That does not mean they all gave up on the search for God—however they might define it. And regardless of whether their search led them to a nondenominational charismatic fellowship or a Native American sweat lodge, they make a firm distinction between spirituality (which conveys life, growth, and personal development) and religion (which signifies death, hypocrisy, and institutionalization).

Those who did return to some form of involvement in organized religion, says Roof, found a much broader menu available to them. And in their ongoing journey of “groping for a new language of spirituality,” boomers talk excitedly of a “pastiche-style spirituality,” which includes offerings like “creation spirituality, Eucharist spirituality, Native American spirituality, Eastern spirituality, Twelve-Step spiritualities, feminist spirituality, earth-based spirituality, Goddess spirituality and men’s spirituality, as well as what would be considered traditional Judaeo-Christian spiritualities.”

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Where lie the causes for so vast a change in the foundations of American religiosity? Roof finds them in the boomers’ shared experience of growing up alongside the country’s first unpopular war, some of its dirtiest scandals, and some of its most heart-wrenching assassinations—all of which were pumped into millions of homes via television. “Caught at the epicenter of a cultural earthquake, many were traumatized and transformed by what was happening around them,” he explains.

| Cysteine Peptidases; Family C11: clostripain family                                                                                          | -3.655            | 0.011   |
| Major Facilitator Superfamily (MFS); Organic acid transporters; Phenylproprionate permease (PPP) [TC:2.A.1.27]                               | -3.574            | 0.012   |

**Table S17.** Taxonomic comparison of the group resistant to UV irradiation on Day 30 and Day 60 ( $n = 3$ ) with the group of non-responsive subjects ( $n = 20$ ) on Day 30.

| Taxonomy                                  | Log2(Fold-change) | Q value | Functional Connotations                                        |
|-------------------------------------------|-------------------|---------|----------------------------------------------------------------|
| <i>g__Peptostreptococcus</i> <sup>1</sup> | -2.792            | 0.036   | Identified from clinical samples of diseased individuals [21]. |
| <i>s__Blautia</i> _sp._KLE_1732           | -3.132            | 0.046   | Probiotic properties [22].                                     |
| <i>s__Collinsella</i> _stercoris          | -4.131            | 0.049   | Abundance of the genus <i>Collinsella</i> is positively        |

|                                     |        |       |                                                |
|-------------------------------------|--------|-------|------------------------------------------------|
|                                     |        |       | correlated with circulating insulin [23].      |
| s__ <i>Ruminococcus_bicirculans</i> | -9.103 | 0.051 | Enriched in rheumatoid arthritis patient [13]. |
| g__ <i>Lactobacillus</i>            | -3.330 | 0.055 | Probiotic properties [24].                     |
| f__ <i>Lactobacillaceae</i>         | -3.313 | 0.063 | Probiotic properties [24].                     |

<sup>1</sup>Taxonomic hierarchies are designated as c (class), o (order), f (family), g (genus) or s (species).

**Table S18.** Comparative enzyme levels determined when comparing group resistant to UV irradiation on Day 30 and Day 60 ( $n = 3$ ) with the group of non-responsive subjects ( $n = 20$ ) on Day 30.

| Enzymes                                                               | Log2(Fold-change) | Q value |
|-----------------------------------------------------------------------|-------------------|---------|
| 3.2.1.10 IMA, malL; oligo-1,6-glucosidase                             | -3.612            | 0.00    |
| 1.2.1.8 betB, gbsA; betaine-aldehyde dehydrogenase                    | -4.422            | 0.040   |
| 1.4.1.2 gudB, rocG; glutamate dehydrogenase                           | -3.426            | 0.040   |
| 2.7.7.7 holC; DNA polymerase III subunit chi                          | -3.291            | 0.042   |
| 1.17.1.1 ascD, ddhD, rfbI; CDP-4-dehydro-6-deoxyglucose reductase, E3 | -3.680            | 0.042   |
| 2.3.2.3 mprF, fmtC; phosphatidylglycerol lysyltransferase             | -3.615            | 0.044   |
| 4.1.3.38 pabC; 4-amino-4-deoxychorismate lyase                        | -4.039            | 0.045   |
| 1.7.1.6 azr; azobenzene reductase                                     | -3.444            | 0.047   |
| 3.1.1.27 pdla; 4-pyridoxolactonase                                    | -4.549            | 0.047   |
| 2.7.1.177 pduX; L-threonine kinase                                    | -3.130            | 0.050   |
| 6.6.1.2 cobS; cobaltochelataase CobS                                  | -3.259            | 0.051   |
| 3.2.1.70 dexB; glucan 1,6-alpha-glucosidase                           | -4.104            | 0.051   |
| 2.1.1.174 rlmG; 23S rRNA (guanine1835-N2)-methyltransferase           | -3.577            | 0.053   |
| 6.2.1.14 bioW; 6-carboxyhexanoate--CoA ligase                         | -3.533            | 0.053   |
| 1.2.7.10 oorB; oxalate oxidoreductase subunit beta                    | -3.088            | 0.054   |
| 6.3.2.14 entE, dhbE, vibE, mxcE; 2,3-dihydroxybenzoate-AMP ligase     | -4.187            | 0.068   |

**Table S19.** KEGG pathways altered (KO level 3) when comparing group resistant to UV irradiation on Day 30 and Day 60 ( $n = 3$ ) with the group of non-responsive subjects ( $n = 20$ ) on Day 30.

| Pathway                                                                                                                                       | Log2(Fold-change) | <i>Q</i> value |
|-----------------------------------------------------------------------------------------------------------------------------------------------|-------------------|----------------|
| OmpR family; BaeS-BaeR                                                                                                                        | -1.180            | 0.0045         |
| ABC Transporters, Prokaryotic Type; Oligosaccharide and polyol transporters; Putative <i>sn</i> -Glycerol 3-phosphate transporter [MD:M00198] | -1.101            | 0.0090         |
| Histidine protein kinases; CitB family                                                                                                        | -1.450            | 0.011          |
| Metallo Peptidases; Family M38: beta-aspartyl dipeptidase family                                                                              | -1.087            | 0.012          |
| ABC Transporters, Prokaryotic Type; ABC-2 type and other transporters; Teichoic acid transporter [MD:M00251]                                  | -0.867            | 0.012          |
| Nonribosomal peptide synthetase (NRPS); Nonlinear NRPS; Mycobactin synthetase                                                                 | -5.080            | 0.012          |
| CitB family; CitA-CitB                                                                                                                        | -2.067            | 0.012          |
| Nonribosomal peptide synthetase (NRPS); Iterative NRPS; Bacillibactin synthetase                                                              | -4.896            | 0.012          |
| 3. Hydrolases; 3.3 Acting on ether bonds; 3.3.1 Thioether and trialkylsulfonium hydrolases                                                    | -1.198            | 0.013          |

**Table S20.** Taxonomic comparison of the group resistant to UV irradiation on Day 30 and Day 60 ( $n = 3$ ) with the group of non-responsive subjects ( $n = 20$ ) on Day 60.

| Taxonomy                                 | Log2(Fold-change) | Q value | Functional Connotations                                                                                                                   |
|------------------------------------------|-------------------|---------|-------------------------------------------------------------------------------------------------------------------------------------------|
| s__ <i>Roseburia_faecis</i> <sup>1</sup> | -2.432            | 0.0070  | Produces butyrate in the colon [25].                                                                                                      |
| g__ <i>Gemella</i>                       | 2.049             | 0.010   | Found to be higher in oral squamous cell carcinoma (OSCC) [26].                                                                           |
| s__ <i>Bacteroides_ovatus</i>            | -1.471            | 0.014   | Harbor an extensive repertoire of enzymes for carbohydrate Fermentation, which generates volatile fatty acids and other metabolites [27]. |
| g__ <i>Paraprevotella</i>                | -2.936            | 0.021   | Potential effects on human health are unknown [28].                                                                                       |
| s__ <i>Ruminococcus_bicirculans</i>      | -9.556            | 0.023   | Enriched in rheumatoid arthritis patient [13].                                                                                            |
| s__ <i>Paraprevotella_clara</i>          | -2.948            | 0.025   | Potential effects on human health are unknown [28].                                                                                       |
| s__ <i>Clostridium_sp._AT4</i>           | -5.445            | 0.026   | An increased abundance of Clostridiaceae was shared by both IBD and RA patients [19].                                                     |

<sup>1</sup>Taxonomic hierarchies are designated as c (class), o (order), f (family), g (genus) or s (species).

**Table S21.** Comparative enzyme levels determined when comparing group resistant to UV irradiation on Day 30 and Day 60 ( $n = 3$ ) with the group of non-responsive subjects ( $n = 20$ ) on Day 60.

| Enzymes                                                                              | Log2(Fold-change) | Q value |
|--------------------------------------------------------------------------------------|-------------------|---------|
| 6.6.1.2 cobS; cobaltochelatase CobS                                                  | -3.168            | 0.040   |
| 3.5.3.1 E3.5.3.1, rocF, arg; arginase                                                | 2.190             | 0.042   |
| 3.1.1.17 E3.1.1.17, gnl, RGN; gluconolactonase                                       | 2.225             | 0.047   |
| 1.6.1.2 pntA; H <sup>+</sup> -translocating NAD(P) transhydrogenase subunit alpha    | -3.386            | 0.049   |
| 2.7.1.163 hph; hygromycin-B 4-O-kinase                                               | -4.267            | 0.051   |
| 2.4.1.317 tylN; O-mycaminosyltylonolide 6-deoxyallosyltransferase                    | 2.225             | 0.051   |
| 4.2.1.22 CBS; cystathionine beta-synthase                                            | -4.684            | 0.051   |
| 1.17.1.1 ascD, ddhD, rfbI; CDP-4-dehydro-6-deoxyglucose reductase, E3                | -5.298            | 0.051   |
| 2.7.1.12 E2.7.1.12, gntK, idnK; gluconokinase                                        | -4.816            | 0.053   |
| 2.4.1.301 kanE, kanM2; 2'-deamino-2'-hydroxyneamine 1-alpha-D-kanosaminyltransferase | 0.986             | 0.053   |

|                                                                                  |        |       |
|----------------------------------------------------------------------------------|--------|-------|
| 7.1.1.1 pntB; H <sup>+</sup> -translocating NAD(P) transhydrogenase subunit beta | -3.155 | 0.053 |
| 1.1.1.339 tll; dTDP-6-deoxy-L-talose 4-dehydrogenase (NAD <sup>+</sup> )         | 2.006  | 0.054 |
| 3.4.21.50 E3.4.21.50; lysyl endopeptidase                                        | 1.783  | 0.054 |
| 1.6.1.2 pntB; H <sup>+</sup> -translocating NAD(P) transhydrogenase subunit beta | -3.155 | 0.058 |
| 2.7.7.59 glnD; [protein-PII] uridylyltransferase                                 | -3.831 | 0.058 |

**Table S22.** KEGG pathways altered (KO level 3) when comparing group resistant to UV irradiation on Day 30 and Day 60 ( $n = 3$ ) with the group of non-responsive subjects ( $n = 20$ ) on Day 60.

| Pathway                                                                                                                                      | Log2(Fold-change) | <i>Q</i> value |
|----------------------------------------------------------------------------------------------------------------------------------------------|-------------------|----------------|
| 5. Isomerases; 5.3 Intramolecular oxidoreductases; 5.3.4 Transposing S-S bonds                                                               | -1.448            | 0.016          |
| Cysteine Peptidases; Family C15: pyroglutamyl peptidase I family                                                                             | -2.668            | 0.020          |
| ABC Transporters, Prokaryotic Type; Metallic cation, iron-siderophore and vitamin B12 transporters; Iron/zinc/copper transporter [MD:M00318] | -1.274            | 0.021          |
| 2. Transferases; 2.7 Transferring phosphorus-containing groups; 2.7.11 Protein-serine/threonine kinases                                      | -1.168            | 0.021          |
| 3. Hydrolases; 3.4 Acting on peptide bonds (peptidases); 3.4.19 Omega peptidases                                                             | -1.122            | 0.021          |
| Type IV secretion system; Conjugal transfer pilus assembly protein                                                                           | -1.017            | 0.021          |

The missing generation

Nevertheless, Roof reports that there are many whose search for answers is leading them to the church. But these returning boomers present new and troubling challenges for churches and church leaders. Many boomers are plagued with a deeply ingrained self-centeredness. Some believe they have been abused by religion and are recovering from those experiences—which means they may bristle when their church or pastor seeks deeper involvement or makes demands. Female boomers have additional concerns with churches, which they perceive as male-dominated and insensitive to women’s needs.